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Changes to village green law

November 13, 2012



The excessive measures in the Growth and Infrastructure Bill to change the law on registering land as a town or village green(1) should be reconsidered.

So say the Open Spaces Society(2) and the Campaign to Protect Rural England(3) who, among others, are campaigning to amend clause 13 of the Bill.  Without changes, the Bill would make it impossible for local people to record and safeguard their green spaces if the land has been earmarked for planning and development.

The Department for Environment, Food and Rural Affairs (Defra) has today published the summary of responses to its consultation last year on town and village greens.(4)

Explains Nicola Hodgson, Case Officer of the Open Spaces Society: ‘The Government says that it must make these changes in the law to stop so-called “vexatious” applications for greens which, it claims, are delaying development and incurring long delays, uncertainty and costs to local authorities and landowners.  However, it has provided no evidence of the number of such cases, or that village greens are stifling growth.

‘In 2009 there were about 185 applications for new greens, compared with about 400,000 planning applications—so greens applications are a drop in the ocean and hardly going to impinge on the development big-picture.  And of course the fact that local people are getting together to register land as greens shows that the land is important to communities.

The consultation by the Department for Environment, Food and Rural Affairs (Defra) last year asked a number of questions.  It suggested that local authorities should be empowered to sift applications which are clearly speculative.  This proposal was supported by more than three quarters of the respondents (76 per cent), yet Government has ignored it.  This could be achieved by changing the guidance not the law and would be of benefit to everyone.

Moreover, respondents proposed that timescales should be introduced throughout the process to ensure there were no delays, but this too has apparently been ignored.  Both the OSS and CPRE welcome the fact that Government has dropped the proposed character-test. The test would have restricted the type of land that could be registered as a town or village green.

Emma Marrington, Rural Policy Campaigner for CPRE says: ‘The proposals to make it more difficult to register new town and village greens, on the basis that some applications have delayed or stopped development, are a sledgehammer to crack a very small nut.  There may be legitimate concerns about a small number of these applications, but it is worrying that the Government chooses to portray town and village greens as a barrier to growth, rather than a key protection for spaces that are highly valued by communities across the country.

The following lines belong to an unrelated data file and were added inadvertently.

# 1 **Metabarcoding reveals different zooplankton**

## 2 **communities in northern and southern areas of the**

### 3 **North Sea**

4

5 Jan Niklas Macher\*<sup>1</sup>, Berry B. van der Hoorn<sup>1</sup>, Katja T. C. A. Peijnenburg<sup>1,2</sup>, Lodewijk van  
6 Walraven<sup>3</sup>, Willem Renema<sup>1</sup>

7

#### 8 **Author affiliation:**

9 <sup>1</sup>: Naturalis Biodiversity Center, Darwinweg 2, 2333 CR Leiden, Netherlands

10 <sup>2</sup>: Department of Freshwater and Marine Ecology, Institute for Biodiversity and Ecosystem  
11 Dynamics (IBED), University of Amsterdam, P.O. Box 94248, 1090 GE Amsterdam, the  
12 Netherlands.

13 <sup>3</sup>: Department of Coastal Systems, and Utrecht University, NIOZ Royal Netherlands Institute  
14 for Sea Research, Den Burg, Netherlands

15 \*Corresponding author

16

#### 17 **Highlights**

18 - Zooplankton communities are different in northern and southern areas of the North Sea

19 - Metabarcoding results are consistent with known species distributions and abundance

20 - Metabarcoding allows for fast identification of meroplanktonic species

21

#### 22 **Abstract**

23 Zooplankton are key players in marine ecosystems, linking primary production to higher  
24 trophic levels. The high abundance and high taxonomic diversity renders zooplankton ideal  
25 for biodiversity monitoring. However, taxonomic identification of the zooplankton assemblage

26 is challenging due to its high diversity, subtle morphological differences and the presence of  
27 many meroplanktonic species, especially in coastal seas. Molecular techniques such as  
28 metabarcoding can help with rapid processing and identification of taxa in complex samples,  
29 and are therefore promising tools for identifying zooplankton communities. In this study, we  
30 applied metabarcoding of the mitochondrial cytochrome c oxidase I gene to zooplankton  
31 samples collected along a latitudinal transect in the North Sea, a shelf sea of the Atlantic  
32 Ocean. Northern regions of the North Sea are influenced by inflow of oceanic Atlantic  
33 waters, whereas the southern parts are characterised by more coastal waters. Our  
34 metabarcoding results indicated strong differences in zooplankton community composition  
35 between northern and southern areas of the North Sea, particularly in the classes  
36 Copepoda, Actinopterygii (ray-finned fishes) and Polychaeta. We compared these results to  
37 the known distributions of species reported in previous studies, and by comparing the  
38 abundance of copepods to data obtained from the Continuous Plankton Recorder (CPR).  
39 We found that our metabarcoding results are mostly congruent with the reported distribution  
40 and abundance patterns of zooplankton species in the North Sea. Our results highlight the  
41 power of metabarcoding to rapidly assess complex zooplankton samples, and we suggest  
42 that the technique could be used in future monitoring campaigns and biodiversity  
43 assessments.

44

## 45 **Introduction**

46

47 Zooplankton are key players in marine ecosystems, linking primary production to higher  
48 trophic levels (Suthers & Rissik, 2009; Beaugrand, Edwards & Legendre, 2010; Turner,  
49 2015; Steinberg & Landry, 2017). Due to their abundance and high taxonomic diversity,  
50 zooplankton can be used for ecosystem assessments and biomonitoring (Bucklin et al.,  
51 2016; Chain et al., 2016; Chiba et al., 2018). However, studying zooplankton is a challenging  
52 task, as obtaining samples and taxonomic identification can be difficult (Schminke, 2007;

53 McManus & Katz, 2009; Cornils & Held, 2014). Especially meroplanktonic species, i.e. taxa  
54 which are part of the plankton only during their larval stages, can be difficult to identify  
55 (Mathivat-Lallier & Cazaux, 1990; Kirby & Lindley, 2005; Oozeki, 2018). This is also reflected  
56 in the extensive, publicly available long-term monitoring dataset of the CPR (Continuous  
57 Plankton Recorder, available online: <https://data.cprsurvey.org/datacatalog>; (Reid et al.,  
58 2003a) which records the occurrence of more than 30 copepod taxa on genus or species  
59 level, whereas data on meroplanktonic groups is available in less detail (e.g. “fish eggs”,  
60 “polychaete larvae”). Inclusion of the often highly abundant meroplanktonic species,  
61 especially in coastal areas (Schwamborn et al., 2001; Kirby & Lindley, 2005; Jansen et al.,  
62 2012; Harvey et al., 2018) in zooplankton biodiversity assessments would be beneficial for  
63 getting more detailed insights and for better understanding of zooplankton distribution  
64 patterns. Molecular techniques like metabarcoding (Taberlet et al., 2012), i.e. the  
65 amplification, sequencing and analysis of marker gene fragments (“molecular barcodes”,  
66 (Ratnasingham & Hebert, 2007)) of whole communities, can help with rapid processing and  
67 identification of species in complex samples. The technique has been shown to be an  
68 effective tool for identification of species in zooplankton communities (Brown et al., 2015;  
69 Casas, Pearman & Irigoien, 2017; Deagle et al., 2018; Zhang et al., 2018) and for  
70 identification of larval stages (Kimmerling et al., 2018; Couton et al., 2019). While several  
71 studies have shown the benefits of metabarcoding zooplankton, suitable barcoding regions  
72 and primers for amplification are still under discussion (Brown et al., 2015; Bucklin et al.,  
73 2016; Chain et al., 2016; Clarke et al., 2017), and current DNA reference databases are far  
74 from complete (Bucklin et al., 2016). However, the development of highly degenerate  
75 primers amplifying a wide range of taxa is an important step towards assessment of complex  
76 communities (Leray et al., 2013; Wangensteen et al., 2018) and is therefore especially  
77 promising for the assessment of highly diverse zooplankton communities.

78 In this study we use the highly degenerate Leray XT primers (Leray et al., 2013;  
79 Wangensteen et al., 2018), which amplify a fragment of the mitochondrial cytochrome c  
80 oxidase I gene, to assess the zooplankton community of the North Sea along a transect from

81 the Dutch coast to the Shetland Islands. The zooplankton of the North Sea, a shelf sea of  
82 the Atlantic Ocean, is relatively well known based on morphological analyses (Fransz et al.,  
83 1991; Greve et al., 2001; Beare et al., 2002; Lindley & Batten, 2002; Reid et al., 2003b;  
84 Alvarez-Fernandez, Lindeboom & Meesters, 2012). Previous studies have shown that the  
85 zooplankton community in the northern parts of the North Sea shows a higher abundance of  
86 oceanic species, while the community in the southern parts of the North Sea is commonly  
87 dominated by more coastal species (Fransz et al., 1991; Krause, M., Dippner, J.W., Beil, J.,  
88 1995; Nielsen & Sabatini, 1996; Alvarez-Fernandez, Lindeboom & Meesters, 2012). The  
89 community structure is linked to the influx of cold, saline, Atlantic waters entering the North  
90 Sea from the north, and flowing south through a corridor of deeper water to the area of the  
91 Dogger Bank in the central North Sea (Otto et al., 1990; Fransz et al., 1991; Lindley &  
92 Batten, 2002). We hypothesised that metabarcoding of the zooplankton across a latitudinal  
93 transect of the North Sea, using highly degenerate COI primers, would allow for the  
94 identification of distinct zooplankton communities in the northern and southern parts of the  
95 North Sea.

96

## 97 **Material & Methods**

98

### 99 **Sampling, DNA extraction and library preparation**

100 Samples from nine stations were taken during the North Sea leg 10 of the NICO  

‘The tests for registering village greens are already onerous.  We fear that this proposal will lead to an inequality of arms between local communities and housebuilders who are banking more and more land and want to steamroller councils into developing land that should be protected.’

Nicola Hodgson, case officer at OSS concludes: ‘There is little support for the measures which have been included in the Bill and our organisations will be continue to scrutinise the proposals.’


Notes for editors

1.         Land can be registered as a town or village green if it has been used by local people for ‘lawful sports and pastimes’ (ie informal recreation) for 20 years freely and openly.  The registration authority is the county or unitary council.  The legislation which protects greens from encroachment and development is section 12 of the Inclosure Act 1845 and section 29 of the Commons Act 1876. 

2.         The Open Spaces Society was founded in 1865 and is Britain’s oldest national conservation body.  It campaigns to protect common land, village greens, open spaces and public paths, and people’s right to enjoy them.

3.         The Campaign to Protect Rural England (CPRE) fights for a better future for the English countryside.  It works locally and nationally to protect, shape and enhance a beautiful, thriving countryside for everyone to value and enjoy.  Its members are united in their love for England’s landscapes and rural communities, and stand up for the countryside, so it can continue to sustain, enchant and inspire future generations. Founded in 1926, President: Sir Andrew Motion, Patron: Her Majesty The Queen.

4.         The summary of responses to Defra’s town and village green consultation last year can be found at


CONTACT:          Kate Ashbrook        

                     Kate Ashbrook

General Secretary

The Open Spaces Society

25A Bell Street

Henley-on-Thames RG9 2BA

tel 01491 573535.



The Open Spaces Society is a registered charity (no 1144840) and a company limited by guarantee, registered in England & Wales (no 7846516).

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